This research was funded by the United States Air Force.
Here we have the “yin” of biological materials in photonic devices. See Steckl’s “yang” research placing electronics in biological materials: UC Engineering Research Widens Possibilities for Electronic Devices: NSF-funded engineering research on microfluidics at the University of Cincinnati widens the possibilities on the horizon for electronic devices.
Wendy Hart Beckman | EurekAlert!
Energy hybrid: Battery meets super capacitor
01.12.2016 | Technische Universität Graz
Tailor-Made Membranes for the Environment
30.11.2016 | Forschungszentrum Jülich
A multi-institutional research collaboration has created a novel approach for fabricating three-dimensional micro-optics through the shape-defined formation of porous silicon (PSi), with broad impacts in integrated optoelectronics, imaging, and photovoltaics.
Working with colleagues at Stanford and The Dow Chemical Company, researchers at the University of Illinois at Urbana-Champaign fabricated 3-D birefringent...
In experiments with magnetic atoms conducted at extremely low temperatures, scientists have demonstrated a unique phase of matter: The atoms form a new type of quantum liquid or quantum droplet state. These so called quantum droplets may preserve their form in absence of external confinement because of quantum effects. The joint team of experimental physicists from Innsbruck and theoretical physicists from Hannover report on their findings in the journal Physical Review X.
“Our Quantum droplets are in the gas phase but they still drop like a rock,” explains experimental physicist Francesca Ferlaino when talking about the...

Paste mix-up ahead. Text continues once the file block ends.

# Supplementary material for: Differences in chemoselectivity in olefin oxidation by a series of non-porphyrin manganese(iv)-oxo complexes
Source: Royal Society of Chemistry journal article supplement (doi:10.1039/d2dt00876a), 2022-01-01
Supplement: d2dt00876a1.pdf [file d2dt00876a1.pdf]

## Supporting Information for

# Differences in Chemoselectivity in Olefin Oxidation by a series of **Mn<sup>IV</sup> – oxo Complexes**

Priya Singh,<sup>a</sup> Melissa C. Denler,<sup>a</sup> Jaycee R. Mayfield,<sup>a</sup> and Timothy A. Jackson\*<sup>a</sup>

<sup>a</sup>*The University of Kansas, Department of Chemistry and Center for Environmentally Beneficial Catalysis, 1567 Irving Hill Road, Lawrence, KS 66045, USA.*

The Max Planck Institute for Physics (MPP) is opening up a new research field. A workshop from November 21 - 22, 2016 will mark the start of activities for an innovative axion experiment. Axions are still only purely hypothetical particles. Their detection could solve two fundamental problems in particle physics: What dark matter consists of and why it has not yet been possible to directly observe a CP violation for the strong interaction.
The “MADMAX” project is the MPP’s commitment to axion research. Axions are so far only a theoretical prediction and are difficult to detect: on the one hand,...
Broadband rotational spectroscopy unravels structural reshaping of isolated molecules in the gas phase to accommodate water
In two recent publications in the Journal of Chemical Physics and in the Journal of Physical Chemistry Letters, researchers around Melanie Schnell from the Max...
The efficiency of power electronic systems is not solely dependent on electrical efficiency but also on weight, for example, in mobile systems. When the weight of relevant components and devices in airplanes, for instance, is reduced, fuel savings can be achieved and correspondingly greenhouse gas emissions decreased. New materials and components based on gallium nitride (GaN) can help to reduce weight and increase the efficiency. With these new materials, power electronic switches can be operated at higher switching frequency, resulting in higher power density and lower material costs.
Researchers at the Fraunhofer Institute for Solar Energy Systems ISE together with partners have investigated how these materials can be used to make power...
16.11.2016 | Event News
01.11.2016 | Event News
14.10.2016 | Event News
02.12.2016 | Medical Engineering
02.12.2016 | Agricultural and Forestry Science
02.12.2016 | Physics and Astronomy